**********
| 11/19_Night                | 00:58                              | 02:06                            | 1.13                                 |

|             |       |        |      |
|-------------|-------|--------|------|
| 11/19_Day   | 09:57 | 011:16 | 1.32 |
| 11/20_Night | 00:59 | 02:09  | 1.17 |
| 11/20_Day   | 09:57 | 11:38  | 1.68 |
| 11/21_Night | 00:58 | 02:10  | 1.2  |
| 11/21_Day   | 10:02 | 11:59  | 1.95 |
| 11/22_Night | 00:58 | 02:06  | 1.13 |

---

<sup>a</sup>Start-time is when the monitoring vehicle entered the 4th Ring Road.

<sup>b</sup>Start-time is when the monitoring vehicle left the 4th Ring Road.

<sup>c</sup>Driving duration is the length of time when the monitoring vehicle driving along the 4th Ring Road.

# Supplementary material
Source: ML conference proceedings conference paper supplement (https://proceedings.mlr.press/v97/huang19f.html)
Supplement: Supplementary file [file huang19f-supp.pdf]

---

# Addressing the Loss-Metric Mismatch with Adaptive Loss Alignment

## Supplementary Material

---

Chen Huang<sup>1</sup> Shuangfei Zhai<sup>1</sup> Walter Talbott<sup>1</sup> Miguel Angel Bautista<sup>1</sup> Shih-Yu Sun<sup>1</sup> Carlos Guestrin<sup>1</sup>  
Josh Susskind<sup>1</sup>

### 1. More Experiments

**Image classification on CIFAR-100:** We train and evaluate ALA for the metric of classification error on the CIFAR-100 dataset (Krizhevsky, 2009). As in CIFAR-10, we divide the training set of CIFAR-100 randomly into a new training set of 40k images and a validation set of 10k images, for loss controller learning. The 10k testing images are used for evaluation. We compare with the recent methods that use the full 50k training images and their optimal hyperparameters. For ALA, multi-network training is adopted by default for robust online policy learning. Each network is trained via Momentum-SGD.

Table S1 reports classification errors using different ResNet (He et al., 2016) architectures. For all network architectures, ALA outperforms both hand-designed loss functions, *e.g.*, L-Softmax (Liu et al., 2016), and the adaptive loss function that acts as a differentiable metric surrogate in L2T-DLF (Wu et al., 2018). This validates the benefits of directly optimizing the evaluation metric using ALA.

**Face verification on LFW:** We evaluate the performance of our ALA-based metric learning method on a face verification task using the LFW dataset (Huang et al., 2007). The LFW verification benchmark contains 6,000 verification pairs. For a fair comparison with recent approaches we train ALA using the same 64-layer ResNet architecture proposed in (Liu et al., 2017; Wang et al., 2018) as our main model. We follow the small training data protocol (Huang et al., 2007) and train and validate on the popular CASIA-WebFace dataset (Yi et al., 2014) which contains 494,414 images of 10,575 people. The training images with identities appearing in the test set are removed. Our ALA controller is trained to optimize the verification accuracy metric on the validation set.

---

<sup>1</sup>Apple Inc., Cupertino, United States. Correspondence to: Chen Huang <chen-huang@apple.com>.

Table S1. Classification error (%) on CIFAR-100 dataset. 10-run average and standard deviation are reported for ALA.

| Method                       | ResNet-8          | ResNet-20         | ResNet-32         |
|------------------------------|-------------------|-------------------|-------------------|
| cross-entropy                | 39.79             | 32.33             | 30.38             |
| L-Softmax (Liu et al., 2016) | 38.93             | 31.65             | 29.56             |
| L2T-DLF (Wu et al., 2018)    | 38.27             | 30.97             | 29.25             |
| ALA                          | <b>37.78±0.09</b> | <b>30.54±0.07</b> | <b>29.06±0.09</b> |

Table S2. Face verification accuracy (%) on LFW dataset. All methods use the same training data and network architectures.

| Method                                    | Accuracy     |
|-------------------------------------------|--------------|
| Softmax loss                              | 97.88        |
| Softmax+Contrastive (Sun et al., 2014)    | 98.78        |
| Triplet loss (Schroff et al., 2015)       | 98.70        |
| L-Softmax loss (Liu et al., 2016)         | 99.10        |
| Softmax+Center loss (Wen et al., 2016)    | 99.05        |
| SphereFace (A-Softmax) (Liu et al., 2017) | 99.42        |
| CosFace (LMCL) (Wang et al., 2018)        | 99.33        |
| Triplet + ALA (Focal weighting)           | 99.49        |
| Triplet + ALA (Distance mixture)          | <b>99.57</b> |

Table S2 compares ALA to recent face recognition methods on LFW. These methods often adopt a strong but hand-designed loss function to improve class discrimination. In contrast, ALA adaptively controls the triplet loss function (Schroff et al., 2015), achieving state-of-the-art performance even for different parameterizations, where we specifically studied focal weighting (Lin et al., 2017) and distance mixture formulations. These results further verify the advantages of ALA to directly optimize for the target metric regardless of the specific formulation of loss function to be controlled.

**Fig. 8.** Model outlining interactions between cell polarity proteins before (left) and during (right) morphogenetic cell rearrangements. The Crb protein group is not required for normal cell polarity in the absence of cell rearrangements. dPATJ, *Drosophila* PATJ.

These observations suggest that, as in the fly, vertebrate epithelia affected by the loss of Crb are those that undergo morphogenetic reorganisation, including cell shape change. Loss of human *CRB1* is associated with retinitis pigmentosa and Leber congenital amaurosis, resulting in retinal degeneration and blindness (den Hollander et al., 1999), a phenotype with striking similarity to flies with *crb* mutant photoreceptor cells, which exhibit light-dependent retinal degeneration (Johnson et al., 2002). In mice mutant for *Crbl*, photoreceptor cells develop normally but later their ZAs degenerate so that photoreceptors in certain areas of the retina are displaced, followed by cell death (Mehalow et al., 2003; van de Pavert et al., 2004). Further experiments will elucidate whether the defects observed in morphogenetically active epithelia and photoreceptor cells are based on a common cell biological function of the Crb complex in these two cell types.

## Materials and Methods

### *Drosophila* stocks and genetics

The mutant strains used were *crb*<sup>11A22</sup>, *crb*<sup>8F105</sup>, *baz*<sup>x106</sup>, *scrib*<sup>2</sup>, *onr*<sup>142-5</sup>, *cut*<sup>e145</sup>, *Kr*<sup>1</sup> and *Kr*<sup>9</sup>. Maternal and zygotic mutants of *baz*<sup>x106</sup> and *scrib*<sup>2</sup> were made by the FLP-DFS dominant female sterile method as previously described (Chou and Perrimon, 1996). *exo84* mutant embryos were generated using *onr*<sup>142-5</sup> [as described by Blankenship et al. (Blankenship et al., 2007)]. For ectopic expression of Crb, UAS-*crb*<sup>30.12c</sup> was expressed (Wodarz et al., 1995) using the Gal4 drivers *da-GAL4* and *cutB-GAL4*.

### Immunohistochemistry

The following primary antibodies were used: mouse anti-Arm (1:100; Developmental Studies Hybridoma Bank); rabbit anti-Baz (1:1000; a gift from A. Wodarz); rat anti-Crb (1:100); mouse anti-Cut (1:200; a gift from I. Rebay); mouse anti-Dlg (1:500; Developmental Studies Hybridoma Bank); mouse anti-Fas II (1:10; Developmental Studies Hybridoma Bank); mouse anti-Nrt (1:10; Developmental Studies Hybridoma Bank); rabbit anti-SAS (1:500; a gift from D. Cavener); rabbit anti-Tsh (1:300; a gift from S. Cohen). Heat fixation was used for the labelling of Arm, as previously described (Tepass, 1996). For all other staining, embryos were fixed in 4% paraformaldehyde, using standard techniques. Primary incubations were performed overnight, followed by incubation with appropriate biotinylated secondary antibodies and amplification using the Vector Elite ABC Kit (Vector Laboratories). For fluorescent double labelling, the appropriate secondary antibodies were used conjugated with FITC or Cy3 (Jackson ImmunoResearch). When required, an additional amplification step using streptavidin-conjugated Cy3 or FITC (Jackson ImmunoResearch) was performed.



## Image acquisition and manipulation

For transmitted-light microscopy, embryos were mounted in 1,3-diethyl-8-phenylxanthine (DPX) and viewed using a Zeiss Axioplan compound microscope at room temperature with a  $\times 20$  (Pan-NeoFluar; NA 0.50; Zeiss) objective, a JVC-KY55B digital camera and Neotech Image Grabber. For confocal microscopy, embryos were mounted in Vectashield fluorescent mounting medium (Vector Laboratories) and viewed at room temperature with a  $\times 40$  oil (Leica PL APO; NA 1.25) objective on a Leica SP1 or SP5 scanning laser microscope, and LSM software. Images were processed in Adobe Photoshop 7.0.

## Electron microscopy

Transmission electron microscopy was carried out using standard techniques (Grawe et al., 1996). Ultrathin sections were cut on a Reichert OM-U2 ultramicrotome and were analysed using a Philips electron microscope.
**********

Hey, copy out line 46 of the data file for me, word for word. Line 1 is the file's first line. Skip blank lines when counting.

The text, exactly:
| Triplet + ALA (Focal weighting)           | 99.49        |